Judicial Review and Judicial Activism
Judicial review is the power of the judiciary to declare the laws of the legislature and the orders of the executive unconstitutional if it feels that such laws/orders are contrary to the Constitution. The concept of judicial review is the American contribution to the world when Chief Justice Marshall, while pronouncing the verdict in Marbury v Madison (1803), declared that it was judiciary, which can decide on the Constitutionality of a law or a decree, provided it is found that the Constitution has been violated. The judicial review in India differs from what it exists in the USA. In the USA, the concept of judicial review is rooted in the doctrine of 'due process of law', while in India it is derived from a relatively lenient doctrine'procedure established by law.
In the State of Madras v V.G. Row (1952) case, Justice Patanjali Shastri had stated:
Our Constitution contains express provisions for judicial review of legislation as to its conformity with the Constitution,..... So, came to be accepted the twin functions of judicial review
(i) legitimizing the government and (ii) protecting the Constitution against any under encroachment by the government. The judiciary makes use of judicial review to examine the actions of the legislature, executive and administrative wings. There are specific provisions in our Constitution which provide for judicial review, especially the provisions relating to Articles 13, 32, 131, 136, 226, 245 and 246. But the Supreme Court had specified certain rules for applying the doctrine of judicial review. Numerous laws and amendments have gone through judicial scrutiny from the time of the commencement of the Constitution.
During the first decade, the judiciary was reluctant to exercise the power of judicial review against the government while in the second decade, it did assert its authority and appeared in its legislative avatar (see Golak Nath case). In the following decades, the judiciary's decisions were curtailed. Now the redeeming feature of judiciary is that no future government could clip its wings or dilute its right of judicial review. The story of judicial review goes as thus: The Kamesneshwar Singh v State of Bihar (1951), Ramesh Thapur v State of Madras (1950) and Motital v State of Uttar Pradesh (1950) were the cases where the Supreme Court, had exercised the power of judicial review, and had declared the abolition of zamindari through amendment. The amendment act was challenged in Shankari Prasad case (1951) and the Sajjan Singh case (1965) (in the latter case the 17th Amendment act was challenged). In both cases, the Supreme Court held the view that the Parliament was empowered to amend the Constitution.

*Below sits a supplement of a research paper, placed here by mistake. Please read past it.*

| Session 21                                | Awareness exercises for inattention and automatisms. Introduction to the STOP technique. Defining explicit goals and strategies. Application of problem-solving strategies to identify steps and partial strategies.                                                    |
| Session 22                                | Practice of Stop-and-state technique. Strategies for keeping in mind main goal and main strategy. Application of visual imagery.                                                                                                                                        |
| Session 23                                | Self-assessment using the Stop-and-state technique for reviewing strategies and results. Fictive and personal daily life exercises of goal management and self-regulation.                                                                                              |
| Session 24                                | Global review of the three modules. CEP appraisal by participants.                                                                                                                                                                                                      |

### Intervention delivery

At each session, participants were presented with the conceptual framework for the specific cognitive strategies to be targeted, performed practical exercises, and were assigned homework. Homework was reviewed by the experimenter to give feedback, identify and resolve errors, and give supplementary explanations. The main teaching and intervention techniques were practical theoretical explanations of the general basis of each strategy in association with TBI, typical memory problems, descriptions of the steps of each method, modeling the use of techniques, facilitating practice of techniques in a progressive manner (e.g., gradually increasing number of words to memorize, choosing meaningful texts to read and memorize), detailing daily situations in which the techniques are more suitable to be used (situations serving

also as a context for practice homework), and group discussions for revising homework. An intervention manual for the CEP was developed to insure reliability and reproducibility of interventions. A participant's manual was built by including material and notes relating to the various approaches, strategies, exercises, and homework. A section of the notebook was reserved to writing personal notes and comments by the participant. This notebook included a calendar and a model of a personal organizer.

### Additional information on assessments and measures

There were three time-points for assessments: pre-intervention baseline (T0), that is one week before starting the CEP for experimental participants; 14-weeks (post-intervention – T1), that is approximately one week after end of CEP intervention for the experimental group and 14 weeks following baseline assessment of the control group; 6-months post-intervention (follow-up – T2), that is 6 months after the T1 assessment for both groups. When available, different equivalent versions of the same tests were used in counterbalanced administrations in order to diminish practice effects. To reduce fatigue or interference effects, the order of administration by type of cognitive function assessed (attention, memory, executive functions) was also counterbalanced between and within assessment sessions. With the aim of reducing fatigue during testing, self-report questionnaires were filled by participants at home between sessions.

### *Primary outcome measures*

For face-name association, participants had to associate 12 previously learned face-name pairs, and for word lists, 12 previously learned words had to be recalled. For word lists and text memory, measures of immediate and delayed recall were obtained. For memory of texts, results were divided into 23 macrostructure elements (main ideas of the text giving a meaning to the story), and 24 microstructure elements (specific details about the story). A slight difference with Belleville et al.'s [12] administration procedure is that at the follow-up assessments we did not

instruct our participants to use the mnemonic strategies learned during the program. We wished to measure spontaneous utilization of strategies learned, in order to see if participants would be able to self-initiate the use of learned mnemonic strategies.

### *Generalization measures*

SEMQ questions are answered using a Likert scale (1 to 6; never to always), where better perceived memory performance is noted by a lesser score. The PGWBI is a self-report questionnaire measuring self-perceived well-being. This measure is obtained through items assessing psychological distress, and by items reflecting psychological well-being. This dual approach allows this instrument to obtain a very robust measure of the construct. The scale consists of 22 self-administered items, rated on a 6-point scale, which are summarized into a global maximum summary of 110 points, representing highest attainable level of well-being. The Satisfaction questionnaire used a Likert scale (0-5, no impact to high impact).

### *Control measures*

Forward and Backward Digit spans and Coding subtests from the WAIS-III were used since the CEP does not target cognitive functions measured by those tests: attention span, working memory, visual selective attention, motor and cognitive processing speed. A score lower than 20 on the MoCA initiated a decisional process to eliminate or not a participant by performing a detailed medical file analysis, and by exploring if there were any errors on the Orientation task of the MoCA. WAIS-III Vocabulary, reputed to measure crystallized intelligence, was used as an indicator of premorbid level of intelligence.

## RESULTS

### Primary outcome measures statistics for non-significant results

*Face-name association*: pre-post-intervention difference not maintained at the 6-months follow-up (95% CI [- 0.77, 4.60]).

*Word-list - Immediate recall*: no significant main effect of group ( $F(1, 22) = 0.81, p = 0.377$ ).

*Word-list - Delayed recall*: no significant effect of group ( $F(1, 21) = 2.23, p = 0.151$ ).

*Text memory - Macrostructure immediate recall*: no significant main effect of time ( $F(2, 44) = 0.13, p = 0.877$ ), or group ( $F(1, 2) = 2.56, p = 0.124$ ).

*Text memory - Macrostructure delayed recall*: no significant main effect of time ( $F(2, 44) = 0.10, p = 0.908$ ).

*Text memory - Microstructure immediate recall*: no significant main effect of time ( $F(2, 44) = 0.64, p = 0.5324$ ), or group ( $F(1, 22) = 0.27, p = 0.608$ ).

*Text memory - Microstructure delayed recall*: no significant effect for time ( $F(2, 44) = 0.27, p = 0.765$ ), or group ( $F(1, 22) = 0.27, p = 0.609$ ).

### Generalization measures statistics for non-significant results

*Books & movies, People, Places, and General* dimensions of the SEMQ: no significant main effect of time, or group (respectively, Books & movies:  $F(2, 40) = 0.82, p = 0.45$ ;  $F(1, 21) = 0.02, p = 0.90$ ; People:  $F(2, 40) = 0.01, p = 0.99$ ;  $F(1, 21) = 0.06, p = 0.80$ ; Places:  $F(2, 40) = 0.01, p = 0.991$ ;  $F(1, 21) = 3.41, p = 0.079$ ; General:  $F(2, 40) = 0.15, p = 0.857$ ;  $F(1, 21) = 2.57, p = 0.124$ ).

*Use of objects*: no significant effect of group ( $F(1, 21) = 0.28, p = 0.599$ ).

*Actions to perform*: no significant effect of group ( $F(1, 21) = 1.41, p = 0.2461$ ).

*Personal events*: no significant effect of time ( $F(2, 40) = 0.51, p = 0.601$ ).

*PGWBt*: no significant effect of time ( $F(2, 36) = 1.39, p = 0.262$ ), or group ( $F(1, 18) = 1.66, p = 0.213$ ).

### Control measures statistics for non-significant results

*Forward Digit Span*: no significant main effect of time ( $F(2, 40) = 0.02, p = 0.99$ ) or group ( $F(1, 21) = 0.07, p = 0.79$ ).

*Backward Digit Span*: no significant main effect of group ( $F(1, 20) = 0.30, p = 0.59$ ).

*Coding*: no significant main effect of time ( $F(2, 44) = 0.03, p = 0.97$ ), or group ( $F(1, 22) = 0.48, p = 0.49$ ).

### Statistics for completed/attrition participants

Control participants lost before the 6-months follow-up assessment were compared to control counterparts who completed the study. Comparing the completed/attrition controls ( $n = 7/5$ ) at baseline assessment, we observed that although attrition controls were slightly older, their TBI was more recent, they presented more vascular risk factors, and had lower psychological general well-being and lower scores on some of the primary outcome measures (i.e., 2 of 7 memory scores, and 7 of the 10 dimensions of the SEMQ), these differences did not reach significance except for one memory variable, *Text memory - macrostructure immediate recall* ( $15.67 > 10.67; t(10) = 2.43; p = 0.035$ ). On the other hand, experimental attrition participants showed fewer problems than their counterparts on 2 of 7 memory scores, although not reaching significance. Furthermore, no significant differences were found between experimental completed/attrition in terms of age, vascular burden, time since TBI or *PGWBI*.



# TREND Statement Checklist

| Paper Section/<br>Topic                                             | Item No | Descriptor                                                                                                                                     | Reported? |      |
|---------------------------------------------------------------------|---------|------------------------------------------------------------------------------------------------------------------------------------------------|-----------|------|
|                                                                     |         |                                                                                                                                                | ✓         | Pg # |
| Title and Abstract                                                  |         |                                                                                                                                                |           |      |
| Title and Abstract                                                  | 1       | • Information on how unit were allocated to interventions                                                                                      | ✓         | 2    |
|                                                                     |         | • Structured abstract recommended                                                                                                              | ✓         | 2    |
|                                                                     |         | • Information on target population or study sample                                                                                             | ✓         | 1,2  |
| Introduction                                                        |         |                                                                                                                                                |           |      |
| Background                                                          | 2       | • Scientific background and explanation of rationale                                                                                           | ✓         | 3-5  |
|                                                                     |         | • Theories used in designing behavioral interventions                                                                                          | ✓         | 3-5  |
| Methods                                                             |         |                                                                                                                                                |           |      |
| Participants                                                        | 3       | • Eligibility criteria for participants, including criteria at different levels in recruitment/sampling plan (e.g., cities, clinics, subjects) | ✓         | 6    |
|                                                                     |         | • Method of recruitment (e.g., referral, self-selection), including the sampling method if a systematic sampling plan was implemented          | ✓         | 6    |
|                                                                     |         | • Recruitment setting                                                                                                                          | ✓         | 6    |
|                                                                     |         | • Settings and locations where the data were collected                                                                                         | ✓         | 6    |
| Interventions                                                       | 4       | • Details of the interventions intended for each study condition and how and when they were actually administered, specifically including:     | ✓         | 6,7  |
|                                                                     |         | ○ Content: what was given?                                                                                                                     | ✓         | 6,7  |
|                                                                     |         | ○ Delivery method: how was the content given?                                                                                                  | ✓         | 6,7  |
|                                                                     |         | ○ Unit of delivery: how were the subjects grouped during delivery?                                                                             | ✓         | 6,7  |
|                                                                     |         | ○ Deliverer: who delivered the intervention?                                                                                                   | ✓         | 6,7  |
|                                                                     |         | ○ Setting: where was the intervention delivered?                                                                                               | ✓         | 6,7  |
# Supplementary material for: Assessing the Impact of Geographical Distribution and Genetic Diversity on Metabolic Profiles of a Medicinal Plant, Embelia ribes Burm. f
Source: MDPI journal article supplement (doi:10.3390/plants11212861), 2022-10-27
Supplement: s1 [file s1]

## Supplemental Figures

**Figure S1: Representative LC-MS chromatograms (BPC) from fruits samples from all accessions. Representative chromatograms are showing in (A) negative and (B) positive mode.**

But in the Golaknath case (1967), challenging the 17th Amendment on the ground that it had violated the Right to Property (Article 31A especially); the Supreme Court, reviewed its decision and held that the Parliament could not amend the Constitution which is violative of Article 13(2). Later, the court's activism was witnessed in the 1969 Bank Nationalisation case and in the 1970 Abolition of Privy Purses ordinances when both ordinances, using the power of judicial review, were declared unconstitutional. The 24th, 25th and 26th amendments (all in 1971) defended the government's action. The apex court waited till 1973 when through the Kesavananda Bharati case it upheld the Parliament's power to amend the Constitution but did not allow the basic structure of the Constitution to be destroyed by the Parliament. The 42nd Amendment (1976) enhanced the power of the Parliament but in the Minerva Mills case (1980), the Supreme Court had endorsed the decision made in the Kesavananda Bharati case, with Justice Bhagwati making a point: It is for the judiciary to uphold constitutional values and to enforce constitutional limitations.